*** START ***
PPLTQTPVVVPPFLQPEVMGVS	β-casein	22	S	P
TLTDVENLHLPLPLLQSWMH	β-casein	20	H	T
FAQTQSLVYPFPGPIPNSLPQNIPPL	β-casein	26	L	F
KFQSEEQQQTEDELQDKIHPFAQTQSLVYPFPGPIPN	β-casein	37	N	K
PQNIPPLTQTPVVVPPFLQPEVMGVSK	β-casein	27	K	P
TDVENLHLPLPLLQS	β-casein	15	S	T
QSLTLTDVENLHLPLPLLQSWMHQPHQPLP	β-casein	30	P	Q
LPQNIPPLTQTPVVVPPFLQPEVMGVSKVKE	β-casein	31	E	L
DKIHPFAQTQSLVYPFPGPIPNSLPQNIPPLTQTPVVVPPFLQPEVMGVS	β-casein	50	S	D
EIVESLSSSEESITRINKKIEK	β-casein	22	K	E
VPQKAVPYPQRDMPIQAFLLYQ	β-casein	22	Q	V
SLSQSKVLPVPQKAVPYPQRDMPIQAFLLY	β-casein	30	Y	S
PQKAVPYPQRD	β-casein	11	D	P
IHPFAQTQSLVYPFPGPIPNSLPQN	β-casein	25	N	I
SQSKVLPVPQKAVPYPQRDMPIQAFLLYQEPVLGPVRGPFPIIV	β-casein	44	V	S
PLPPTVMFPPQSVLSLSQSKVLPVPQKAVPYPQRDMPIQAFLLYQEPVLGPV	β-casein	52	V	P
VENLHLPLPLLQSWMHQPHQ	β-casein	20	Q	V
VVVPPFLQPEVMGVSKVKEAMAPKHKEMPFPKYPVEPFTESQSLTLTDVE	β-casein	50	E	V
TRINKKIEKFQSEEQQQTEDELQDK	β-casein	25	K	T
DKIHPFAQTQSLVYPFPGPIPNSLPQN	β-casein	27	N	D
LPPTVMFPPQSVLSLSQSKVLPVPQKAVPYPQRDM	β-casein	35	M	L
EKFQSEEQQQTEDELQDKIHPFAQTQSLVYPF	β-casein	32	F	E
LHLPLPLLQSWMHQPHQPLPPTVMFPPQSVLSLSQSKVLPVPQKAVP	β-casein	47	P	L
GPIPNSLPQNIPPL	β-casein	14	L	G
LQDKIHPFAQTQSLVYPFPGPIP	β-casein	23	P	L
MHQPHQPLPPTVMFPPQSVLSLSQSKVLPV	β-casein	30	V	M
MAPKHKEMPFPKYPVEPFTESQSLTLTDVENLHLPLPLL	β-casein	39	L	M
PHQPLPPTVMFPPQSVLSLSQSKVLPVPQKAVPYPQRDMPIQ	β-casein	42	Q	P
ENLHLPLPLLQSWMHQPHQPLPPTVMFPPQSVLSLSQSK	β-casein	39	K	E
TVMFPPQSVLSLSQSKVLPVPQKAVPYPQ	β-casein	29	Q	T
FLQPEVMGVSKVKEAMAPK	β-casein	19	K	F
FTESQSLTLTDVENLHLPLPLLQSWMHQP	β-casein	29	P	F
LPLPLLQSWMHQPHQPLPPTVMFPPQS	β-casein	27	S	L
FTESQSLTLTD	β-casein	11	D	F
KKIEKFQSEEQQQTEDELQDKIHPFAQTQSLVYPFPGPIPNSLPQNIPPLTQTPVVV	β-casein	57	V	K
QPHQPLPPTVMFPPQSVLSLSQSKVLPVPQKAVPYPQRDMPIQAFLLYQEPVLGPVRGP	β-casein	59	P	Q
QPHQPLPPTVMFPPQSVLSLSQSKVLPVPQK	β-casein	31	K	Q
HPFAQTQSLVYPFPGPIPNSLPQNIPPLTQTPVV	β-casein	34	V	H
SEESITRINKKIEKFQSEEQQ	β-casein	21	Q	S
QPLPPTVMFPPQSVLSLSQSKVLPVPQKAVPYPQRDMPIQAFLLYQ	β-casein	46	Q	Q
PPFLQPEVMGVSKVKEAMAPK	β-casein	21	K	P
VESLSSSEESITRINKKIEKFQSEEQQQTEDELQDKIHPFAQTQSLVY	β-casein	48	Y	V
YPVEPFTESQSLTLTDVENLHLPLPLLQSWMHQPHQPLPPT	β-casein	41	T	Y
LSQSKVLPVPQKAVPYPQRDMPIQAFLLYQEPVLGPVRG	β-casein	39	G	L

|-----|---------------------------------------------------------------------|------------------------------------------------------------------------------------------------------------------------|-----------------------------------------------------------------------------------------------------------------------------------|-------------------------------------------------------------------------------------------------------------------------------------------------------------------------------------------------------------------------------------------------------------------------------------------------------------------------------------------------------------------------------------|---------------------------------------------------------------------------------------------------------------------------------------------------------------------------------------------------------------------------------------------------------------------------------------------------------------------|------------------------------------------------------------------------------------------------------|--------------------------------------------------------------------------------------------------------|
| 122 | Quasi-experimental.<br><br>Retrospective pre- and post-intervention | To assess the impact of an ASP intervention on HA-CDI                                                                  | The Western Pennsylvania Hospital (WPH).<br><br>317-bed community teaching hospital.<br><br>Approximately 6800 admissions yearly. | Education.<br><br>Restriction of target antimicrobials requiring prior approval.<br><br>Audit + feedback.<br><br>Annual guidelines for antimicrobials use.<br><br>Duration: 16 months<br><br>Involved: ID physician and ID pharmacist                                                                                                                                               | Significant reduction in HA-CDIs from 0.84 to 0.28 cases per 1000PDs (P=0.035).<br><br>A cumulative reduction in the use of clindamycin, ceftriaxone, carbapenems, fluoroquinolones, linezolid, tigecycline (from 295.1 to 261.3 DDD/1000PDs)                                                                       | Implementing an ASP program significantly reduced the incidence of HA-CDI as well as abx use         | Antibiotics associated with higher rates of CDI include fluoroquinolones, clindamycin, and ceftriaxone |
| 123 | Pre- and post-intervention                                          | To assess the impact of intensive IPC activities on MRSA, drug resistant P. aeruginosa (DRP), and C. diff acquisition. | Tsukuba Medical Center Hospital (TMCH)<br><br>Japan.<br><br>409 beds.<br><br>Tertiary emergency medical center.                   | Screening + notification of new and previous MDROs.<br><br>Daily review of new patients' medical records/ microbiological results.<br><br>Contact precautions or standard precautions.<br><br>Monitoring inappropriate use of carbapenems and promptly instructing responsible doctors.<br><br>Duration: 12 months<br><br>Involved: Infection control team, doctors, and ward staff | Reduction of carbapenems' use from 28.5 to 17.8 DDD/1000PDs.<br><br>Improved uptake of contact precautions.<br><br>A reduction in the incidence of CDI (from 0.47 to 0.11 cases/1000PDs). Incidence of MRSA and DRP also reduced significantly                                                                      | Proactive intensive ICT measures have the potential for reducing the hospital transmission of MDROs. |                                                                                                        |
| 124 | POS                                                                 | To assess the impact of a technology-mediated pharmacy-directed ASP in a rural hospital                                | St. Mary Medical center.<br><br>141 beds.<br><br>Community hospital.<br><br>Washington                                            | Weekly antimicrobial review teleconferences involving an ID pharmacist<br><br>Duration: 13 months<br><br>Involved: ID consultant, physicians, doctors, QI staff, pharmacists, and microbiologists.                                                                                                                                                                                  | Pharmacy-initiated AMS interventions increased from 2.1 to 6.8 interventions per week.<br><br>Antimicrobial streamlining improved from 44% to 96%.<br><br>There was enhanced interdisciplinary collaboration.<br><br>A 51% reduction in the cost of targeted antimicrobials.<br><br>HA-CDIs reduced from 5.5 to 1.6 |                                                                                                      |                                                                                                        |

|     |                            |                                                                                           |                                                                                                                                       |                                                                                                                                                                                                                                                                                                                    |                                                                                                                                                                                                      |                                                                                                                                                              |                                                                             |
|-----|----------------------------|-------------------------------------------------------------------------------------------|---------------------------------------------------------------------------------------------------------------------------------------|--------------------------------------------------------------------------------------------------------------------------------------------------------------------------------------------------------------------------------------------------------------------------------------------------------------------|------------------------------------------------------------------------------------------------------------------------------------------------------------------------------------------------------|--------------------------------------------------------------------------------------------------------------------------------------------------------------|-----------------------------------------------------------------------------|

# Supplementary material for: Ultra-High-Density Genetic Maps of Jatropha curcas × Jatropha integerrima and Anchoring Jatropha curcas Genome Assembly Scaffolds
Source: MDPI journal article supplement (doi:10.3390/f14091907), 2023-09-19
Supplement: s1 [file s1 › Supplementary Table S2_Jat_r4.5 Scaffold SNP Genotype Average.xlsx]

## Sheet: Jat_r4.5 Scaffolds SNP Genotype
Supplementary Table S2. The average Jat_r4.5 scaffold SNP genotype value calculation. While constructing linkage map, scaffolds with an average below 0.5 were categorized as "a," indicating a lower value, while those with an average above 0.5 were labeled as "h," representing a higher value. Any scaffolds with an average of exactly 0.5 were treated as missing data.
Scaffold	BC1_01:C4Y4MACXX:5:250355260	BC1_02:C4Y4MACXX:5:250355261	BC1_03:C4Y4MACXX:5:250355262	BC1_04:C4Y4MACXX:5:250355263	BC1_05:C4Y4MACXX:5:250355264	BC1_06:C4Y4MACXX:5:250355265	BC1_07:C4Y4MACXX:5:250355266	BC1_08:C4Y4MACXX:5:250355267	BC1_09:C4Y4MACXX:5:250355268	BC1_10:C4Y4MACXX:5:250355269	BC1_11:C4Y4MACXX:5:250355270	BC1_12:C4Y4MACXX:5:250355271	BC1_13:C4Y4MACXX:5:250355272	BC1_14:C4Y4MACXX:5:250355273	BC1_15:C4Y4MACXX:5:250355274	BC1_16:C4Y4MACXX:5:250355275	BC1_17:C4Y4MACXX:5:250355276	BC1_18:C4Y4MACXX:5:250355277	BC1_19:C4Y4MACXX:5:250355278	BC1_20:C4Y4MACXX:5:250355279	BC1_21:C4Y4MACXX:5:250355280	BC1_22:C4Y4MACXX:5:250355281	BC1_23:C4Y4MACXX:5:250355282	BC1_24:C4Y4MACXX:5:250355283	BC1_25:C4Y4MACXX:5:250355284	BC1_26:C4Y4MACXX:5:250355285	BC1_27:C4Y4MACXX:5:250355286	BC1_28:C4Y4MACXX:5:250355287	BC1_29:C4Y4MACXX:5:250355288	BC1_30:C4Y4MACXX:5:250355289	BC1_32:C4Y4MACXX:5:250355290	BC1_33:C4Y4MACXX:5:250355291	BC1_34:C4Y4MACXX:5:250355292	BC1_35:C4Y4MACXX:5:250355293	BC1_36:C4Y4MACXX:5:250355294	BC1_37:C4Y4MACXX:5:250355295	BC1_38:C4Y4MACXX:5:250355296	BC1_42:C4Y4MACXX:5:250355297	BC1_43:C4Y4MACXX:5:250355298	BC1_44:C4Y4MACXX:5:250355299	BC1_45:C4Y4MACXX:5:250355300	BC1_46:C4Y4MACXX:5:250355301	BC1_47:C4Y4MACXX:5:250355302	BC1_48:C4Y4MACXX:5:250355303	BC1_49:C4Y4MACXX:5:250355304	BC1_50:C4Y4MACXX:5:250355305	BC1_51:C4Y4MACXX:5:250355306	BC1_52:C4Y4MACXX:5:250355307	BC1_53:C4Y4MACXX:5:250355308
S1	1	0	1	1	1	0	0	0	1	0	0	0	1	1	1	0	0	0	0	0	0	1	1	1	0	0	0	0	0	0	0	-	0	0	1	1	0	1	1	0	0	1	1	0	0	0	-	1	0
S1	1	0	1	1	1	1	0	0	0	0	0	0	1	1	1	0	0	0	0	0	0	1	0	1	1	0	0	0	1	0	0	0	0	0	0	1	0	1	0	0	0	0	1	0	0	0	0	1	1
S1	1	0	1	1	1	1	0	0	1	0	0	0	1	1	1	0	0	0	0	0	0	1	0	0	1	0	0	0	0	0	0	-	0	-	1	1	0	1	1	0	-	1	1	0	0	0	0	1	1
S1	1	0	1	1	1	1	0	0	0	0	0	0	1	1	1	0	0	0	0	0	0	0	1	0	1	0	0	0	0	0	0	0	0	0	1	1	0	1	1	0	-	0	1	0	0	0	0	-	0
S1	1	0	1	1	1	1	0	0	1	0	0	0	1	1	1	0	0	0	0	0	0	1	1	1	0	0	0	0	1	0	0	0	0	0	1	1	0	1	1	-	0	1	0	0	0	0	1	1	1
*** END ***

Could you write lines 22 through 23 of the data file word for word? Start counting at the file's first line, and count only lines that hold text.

EKFQSEEQQQTEDELQDKIHPFAQTQSLVYPF	β-casein	32	F	E
LHLPLPLLQSWMHQPHQPLPPTVMFPPQSVLSLSQSKVLPVPQKAVP	β-casein	47	P	L